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history widget

The settings widget is crafted using the fancy flutter package settings_ui but at the moment you can only change locals and the server address.

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The application now supports receipt parsing, which is a very challenging task.

Client

  1. At first the user takes an photo of the receipt.
  2. The photo is uploaded to your server via a POST request

You don’t have to worry about third party companies, since there aren’t any.

Now, the photo is stored at the server.

Server

  1. Server increase the contrast of the given image
  2. Blur is applied to the image
  3. The server uses pytesseract to parses the text
  4. Now, the parsed text is send as a JSON response

Client

  1. The application convert the JSON response to a receipt object
  2. The application auto fill the text-fields
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The main problem is the image quality of the smartphone camera. To tackle this issue, I enhance the image using a variety of techniques. First, I resize the image.

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Where FX and FY describes the scaling factor of the image.In this case, INTER_CUBIC generally performs better than other alternatives, though it’s also slower than others. Since we care about quality I do not use the INTER_LINEAR.

What got the ball rolling was the gaussian blurring which uses the Gaussian kernel instead of a normalized box filter, for convolution. In our case, the dimensions of the kernel and the standard deviations in both directions can be determined independently. It is very useful to remove noise from the image thus it does not preserve the edges in the input.

To remove the salt and peppter noise in the image. I applied a median blurring. The central element in the kernel area is replaced with the median of all the pixels under the kernel.

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After, I use convert to increase the contrast. This is very important since it massively increase the outcome but this is covered in the receipt parser library.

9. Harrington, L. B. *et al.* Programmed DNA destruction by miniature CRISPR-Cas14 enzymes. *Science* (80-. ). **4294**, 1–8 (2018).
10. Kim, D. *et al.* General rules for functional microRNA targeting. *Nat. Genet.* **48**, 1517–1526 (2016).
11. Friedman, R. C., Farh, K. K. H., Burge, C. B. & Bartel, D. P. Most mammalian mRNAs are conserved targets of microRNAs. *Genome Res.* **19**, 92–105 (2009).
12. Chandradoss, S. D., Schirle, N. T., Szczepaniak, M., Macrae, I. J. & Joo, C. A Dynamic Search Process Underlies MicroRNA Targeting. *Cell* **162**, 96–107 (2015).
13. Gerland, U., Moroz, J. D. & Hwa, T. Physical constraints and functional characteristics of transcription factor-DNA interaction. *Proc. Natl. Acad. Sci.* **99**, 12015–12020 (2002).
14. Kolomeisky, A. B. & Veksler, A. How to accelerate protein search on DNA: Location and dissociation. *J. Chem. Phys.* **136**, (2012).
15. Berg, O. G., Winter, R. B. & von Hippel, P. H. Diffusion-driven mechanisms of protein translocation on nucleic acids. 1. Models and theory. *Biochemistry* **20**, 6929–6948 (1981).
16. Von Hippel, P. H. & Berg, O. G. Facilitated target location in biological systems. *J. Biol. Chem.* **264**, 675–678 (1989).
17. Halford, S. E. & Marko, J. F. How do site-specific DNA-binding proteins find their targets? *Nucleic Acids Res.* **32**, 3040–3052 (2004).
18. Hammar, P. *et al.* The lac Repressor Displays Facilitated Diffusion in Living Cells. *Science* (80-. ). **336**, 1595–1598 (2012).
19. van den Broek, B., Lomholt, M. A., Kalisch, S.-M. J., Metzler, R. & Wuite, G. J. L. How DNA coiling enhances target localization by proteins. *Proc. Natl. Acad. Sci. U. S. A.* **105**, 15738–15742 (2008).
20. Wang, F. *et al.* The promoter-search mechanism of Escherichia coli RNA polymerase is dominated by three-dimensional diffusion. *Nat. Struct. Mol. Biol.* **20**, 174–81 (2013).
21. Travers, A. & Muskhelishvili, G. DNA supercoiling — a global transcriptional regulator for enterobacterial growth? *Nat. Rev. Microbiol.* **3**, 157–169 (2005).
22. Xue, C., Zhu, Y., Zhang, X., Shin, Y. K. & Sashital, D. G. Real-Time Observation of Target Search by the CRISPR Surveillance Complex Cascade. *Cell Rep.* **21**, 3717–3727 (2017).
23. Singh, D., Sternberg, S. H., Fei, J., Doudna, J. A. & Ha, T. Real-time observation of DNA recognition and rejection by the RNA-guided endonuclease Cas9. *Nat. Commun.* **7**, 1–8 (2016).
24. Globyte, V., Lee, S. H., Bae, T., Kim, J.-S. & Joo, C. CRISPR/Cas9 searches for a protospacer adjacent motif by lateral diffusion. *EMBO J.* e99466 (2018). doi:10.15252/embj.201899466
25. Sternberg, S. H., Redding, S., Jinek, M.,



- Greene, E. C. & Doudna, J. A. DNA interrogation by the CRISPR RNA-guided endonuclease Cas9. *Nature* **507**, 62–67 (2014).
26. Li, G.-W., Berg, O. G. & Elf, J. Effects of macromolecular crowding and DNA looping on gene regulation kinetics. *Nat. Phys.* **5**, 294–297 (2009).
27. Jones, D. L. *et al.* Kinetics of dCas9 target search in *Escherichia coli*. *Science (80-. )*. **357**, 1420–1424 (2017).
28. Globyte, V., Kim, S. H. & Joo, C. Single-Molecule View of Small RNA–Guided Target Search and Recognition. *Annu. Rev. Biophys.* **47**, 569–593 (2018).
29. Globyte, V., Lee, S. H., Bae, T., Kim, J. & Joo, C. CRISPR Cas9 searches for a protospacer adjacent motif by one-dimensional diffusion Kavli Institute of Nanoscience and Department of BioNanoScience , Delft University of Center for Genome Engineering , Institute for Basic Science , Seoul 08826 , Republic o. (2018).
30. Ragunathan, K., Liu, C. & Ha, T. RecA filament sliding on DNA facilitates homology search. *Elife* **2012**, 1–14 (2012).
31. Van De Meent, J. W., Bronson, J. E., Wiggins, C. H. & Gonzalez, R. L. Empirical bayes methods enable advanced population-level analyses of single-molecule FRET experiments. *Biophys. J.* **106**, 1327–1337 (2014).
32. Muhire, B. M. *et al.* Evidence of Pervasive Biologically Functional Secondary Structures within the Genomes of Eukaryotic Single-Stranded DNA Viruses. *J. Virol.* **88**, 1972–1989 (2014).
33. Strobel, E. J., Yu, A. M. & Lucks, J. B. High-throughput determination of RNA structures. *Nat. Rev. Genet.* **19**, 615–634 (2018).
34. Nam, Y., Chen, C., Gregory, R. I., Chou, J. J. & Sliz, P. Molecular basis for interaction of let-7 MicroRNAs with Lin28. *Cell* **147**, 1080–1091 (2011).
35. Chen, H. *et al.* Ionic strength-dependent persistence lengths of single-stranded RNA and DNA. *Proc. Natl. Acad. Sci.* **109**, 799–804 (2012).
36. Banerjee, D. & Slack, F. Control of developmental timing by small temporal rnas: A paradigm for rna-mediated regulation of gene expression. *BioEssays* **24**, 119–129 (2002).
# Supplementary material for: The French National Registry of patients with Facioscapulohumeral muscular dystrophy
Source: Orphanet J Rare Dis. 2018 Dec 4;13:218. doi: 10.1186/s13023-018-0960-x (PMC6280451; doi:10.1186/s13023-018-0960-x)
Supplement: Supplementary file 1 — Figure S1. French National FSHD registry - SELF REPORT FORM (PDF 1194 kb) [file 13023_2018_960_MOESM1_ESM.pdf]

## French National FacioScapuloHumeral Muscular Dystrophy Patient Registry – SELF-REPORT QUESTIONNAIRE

Now, the configuration is read by the parser. In the configuration the language and the fuzzy keywords are defined. Since OCR is an supreme discipline, tesseract is not able to parse the image without any artifacts. This is how the output looks like:

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Therefore an fuzzy parser is required to identify shop names, total, date and category. My example config looks like:

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At first this might be some work but at the end it is worth or you use the default configuration but you might want to change the current language.

If the server can parse the receipt. It return a JSON string which contains the required information about total, shop name and date. The application convert this JSON string to an receipt object and autofill the form. You can now change the every field if required or store the receipt directly in the application.

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William Todt

Written by

Currently a computer science student at KIT. Happy to meet new people and learn new skills and I love science

The Startup

Medium's largest active publication, followed by +752K people. Follow to join our community.

William Todt

Written by

Currently a computer science student at KIT. Happy to meet new people and learn new skills and I love science

The Startup

Medium's largest active publication, followed by +752K people. Follow to join our community.